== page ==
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Monday, December 5, 2016

Today Weekend Reader brings you A New Leaf: The End of Cannabis Prohibition, by award-winning investigative journalists Alyson Martin and Nushin Rashidian, whose work has also appeared in The New York Times and The Nation. Martin and Rashidian argue that American society is now at a turning point, heading toward increasing acceptance and inevitable legalization of cannabis across the country. The growing number of Americans using medical marijuana is on the rise in states that now legalize the practice. Colorado and Washington have led the way, passing recreational legalization laws and demonstrating the benefits of ending the prohibition of marijuana. A New Leaf is a collection of interviews with individuals from a broad spectrum of this debate: from activists and politicians to patients and growers.  

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When voters in Washington and Colorado closed the curtain, considered their choices, and punched the ballot on Election Day 2012, why did most choose cannabis legalization?

Over the past two decades, more Americans have been exposed to cannabis than at any other time in recent history. According to The Path Forward, a report co-authored by Colorado representative Jared  Polis and Oregon representative Earl Blumenauer and released in February 2013, more than 106 million people now live where cannabis is legal for medical or general use. As of April 2013, according to Pew Research, 77 percent of Americans believe cannabis can legitimately be medicine and a landmark majority, 52 percent, support legalization for general use. Yet the federal government refuses to accept these broader societal shifts. Americans are, for the first time, truly weighing the harms of cannabis prohibition against the harms of cannabis. For example, prohibition has led to more than 8 million cannabis-related arrests in the last decade—of those, 88 percent were for mere possession.

One reason for the change in public opinion is the education Americans have received from over twenty years of access to medical cannabis. The more often people saw the cannabis plant on TV screens, in newspapers, and, sometimes, down the street, the more comfortable they grew with the notion of legalization. When he led the reefer madness crusade to banish cannabis in 1937, Harry J. Anslinger, first commissioner of the U.S. Treasury Department’s Federal Bureau of Narcotics, warned, “This drug is entirely the monster Hyde, the harmful effect of which cannot be measured.”  But if cannabis now legally replaces or supplements conventional pharmaceuticals for an estimated 1 million Americans in twenty states and Washington, D.C., it’s increasingly clear that it must not be as dangerous as we were—and, in some cases, continue to be—told.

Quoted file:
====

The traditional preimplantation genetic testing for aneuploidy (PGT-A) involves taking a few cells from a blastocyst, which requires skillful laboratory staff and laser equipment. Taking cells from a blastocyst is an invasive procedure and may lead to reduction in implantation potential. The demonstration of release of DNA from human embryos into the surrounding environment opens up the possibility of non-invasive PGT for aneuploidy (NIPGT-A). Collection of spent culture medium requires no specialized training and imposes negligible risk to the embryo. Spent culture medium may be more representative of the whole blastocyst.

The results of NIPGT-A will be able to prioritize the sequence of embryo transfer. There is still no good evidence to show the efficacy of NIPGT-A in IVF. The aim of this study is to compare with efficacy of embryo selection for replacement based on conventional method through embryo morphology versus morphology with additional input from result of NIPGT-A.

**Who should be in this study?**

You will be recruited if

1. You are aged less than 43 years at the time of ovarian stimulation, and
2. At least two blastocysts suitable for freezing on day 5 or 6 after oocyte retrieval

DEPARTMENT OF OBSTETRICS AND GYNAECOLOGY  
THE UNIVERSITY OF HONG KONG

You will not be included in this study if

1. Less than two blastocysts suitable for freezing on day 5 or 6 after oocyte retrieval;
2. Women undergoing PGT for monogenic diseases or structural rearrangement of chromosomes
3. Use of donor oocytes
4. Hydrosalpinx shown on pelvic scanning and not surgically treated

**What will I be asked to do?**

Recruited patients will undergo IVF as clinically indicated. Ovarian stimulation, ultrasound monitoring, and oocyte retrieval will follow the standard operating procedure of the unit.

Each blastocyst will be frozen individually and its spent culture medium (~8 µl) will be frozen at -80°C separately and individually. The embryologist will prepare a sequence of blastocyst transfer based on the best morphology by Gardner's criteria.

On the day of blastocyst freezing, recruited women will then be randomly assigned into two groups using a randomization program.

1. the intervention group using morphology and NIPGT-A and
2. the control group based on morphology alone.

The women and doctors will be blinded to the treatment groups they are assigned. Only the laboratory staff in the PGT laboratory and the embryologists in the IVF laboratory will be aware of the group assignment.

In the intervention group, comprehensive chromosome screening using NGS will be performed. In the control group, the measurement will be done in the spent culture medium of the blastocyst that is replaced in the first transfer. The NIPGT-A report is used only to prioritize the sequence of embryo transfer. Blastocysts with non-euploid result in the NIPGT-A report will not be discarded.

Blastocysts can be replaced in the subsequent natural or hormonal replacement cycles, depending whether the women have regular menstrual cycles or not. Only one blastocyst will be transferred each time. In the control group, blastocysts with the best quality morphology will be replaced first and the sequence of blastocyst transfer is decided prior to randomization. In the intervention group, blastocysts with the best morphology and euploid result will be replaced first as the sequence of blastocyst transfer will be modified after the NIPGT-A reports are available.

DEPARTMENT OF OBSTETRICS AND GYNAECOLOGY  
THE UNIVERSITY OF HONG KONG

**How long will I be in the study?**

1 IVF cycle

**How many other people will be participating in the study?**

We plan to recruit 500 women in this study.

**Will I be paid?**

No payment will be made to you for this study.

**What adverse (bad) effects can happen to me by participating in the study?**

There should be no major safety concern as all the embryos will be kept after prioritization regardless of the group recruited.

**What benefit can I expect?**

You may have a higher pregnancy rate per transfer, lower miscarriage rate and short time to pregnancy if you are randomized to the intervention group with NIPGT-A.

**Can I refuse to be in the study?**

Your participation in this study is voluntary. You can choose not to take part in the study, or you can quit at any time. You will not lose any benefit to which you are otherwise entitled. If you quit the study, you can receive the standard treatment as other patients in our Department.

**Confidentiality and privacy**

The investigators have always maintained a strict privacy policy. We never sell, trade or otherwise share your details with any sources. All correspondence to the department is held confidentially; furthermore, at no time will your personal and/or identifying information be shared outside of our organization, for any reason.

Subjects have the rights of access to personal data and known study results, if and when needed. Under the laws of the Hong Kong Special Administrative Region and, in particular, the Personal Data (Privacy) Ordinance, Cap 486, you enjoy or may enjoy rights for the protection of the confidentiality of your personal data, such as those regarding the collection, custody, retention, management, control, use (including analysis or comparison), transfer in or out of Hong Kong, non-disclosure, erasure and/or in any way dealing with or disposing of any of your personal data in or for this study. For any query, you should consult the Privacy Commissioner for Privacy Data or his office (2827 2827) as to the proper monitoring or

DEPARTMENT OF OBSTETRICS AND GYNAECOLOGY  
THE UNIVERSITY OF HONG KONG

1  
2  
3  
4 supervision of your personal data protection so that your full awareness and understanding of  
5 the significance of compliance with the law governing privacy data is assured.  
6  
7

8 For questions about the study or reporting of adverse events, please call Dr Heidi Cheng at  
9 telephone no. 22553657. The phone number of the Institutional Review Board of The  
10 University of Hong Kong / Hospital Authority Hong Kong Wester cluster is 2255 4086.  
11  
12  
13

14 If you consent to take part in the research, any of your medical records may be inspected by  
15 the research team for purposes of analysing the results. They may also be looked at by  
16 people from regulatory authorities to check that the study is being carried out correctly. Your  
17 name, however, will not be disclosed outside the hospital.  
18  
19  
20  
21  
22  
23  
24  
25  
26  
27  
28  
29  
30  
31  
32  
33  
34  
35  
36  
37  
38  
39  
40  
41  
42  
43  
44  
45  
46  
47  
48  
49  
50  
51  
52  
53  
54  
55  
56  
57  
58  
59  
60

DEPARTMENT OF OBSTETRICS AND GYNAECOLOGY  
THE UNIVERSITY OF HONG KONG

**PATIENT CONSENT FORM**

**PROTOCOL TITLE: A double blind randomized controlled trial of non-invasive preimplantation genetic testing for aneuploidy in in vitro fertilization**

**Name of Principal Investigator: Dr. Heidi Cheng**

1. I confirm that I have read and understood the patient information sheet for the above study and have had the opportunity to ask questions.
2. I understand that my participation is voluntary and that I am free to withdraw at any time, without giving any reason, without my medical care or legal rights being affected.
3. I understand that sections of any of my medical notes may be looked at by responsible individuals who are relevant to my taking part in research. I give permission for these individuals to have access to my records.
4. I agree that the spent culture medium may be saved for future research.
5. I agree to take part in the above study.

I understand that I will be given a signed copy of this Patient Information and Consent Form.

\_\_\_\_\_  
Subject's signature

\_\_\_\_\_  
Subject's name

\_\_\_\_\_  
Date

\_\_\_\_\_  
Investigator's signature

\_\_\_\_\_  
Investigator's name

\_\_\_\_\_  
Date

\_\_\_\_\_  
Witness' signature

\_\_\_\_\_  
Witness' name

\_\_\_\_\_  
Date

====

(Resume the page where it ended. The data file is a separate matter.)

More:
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More Americans feel comfortable coming out about their cannabis use, too. Forty-eight percent of adults eighteen or older admit they tried cannabis at some point in their lives. Popular culture has accurately reflected shifting views about the plant. Increased use and acceptance of cannabis for medical (and “medical”) reasons might be why even Meryl Streep and Steve Martin could light a joint, party with the kids, and feast on chocolate croissants in the movie It’s Complicated without controversy.

On top of that, numerous influential types have spoken in favor of reforming drug policy, including Arianna Huffington, founder of Huffington Post; Deepak Chopra, the man who made millions by making people feel better holistically; and Richard Branson, founder of the Virgin Group. All three sit on the honorary boards of the nation’s foremost drug policy reform organization, the Drug Policy Alliance. Year after year, cannabis continues to make the strangest bedfellows, uniting liberal Barney Frank and Tea Partier Ron Paul in Congress, for instance; they worked on two cannabis law reform bills and co-authored a letter to President Barack Obama to insist the federal government not intervene in states with cannabis laws.

The economic and social implications of cannabis legalization, both domestic and international, have also become more apparent in recent years. As Americans clawed their way out of a recession, more and more states passed medical cannabis laws and, slowly, more brick-and-mortar storefronts emerged. It soon became obvious that there is money to be made. When budgets started to feel the recession pinch, voters wanted to harness the economic power of cannabis to mitigate the impact. Colorado earned $5.4 million from medical cannabis sales taxes between 2011 and 2012; California estimates annual sales tax revenues between $58 million and $105 million. Now, with the passage of Initiative 502, voters in Washington have opened the door to over half a billion dollars in annual tax and fee revenue for their state, money that can be directed toward cannabis education, research, and dependence treatment, among other public health initiatives. Voters in Colorado know that, beginning in 2014, $40 million in tax dollars from general-use cannabis each year will be earmarked for schools.

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